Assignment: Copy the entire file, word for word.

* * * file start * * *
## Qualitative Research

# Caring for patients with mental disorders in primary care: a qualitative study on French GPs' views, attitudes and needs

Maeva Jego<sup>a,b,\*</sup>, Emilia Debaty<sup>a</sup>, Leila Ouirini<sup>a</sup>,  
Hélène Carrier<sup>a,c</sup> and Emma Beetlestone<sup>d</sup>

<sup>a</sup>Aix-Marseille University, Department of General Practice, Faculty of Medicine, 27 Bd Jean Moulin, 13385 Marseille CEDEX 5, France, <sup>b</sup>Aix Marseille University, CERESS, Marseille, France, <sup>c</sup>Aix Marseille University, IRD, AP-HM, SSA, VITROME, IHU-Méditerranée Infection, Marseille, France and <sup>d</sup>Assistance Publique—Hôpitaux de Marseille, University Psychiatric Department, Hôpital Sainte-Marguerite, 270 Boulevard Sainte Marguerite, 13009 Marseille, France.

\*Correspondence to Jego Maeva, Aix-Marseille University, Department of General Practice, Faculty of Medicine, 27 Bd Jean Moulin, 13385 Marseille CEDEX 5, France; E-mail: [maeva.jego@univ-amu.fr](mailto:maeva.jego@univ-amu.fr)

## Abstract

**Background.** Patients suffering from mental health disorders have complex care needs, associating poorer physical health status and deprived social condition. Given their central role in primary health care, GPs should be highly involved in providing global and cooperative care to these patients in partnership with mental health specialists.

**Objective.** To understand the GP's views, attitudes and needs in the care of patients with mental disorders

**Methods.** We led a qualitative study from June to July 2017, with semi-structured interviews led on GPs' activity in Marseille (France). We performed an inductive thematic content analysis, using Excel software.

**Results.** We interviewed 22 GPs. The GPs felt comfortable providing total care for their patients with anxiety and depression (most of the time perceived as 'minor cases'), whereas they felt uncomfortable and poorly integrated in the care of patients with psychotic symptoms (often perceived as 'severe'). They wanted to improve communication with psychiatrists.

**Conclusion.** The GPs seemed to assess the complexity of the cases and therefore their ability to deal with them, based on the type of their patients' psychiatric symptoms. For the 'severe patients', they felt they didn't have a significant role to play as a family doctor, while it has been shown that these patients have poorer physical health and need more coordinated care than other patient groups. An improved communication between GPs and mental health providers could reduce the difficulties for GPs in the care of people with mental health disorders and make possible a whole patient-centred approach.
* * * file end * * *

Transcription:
## Qualitative Research

# Caring for patients with mental disorders in primary care: a qualitative study on French GPs' views, attitudes and needs

Maeva Jego<sup>a,b,\*</sup>, Emilia Debaty<sup>a</sup>, Leila Ouirini<sup>a</sup>,  
Hélène Carrier<sup>a,c</sup> and Emma Beetlestone<sup>d</sup>

<sup>a</sup>Aix-Marseille University, Department of General Practice, Faculty of Medicine, 27 Bd Jean Moulin, 13385 Marseille CEDEX 5, France, <sup>b</sup>Aix Marseille University, CERESS, Marseille, France, <sup>c</sup>Aix Marseille University, IRD, AP-HM, SSA, VITROME, IHU-Méditerranée Infection, Marseille, France and <sup>d</sup>Assistance Publique—Hôpitaux de Marseille, University Psychiatric Department, Hôpital Sainte-Marguerite, 270 Boulevard Sainte Marguerite, 13009 Marseille, France.

\*Correspondence to Jego Maeva, Aix-Marseille University, Department of General Practice, Faculty of Medicine, 27 Bd Jean Moulin, 13385 Marseille CEDEX 5, France; E-mail: [maeva.jego@univ-amu.fr](mailto:maeva.jego@univ-amu.fr)

## Abstract

**Background.** Patients suffering from mental health disorders have complex care needs, associating poorer physical health status and deprived social condition. Given their central role in primary health care, GPs should be highly involved in providing global and cooperative care to these patients in partnership with mental health specialists.

**Objective.** To understand the GP's views, attitudes and needs in the care of patients with mental disorders

**Methods.** We led a qualitative study from June to July 2017, with semi-structured interviews led on GPs' activity in Marseille (France). We performed an inductive thematic content analysis, using Excel software.

**Results.** We interviewed 22 GPs. The GPs felt comfortable providing total care for their patients with anxiety and depression (most of the time perceived as 'minor cases'), whereas they felt uncomfortable and poorly integrated in the care of patients with psychotic symptoms (often perceived as 'severe'). They wanted to improve communication with psychiatrists.

**Conclusion.** The GPs seemed to assess the complexity of the cases and therefore their ability to deal with them, based on the type of their patients' psychiatric symptoms. For the 'severe patients', they felt they didn't have a significant role to play as a family doctor, while it has been shown that these patients have poorer physical health and need more coordinated care than other patient groups. An improved communication between GPs and mental health providers could reduce the difficulties for GPs in the care of people with mental health disorders and make possible a whole patient-centred approach.